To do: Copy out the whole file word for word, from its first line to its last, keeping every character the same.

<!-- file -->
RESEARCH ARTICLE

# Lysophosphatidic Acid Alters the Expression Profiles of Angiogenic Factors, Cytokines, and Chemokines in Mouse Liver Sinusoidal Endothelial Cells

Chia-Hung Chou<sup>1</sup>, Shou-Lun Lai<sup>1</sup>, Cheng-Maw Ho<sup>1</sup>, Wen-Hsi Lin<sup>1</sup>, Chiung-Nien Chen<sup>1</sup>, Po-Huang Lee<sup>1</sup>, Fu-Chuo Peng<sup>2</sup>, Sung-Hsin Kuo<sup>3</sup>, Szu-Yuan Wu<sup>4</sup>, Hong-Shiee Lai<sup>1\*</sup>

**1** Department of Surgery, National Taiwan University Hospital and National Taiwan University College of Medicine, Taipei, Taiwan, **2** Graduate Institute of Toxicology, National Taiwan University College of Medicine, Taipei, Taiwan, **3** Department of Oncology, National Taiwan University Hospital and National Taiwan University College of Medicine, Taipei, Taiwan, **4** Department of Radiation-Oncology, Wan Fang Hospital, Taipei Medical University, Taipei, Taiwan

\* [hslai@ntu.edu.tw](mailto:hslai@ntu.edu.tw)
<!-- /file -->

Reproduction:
RESEARCH ARTICLE

# Lysophosphatidic Acid Alters the Expression Profiles of Angiogenic Factors, Cytokines, and Chemokines in Mouse Liver Sinusoidal Endothelial Cells

Chia-Hung Chou<sup>1</sup>, Shou-Lun Lai<sup>1</sup>, Cheng-Maw Ho<sup>1</sup>, Wen-Hsi Lin<sup>1</sup>, Chiung-Nien Chen<sup>1</sup>, Po-Huang Lee<sup>1</sup>, Fu-Chuo Peng<sup>2</sup>, Sung-Hsin Kuo<sup>3</sup>, Szu-Yuan Wu<sup>4</sup>, Hong-Shiee Lai<sup>1\*</sup>

**1** Department of Surgery, National Taiwan University Hospital and National Taiwan University College of Medicine, Taipei, Taiwan, **2** Graduate Institute of Toxicology, National Taiwan University College of Medicine, Taipei, Taiwan, **3** Department of Oncology, National Taiwan University Hospital and National Taiwan University College of Medicine, Taipei, Taiwan, **4** Department of Radiation-Oncology, Wan Fang Hospital, Taipei Medical University, Taipei, Taiwan

\* [hslai@ntu.edu.tw](mailto:hslai@ntu.edu.tw)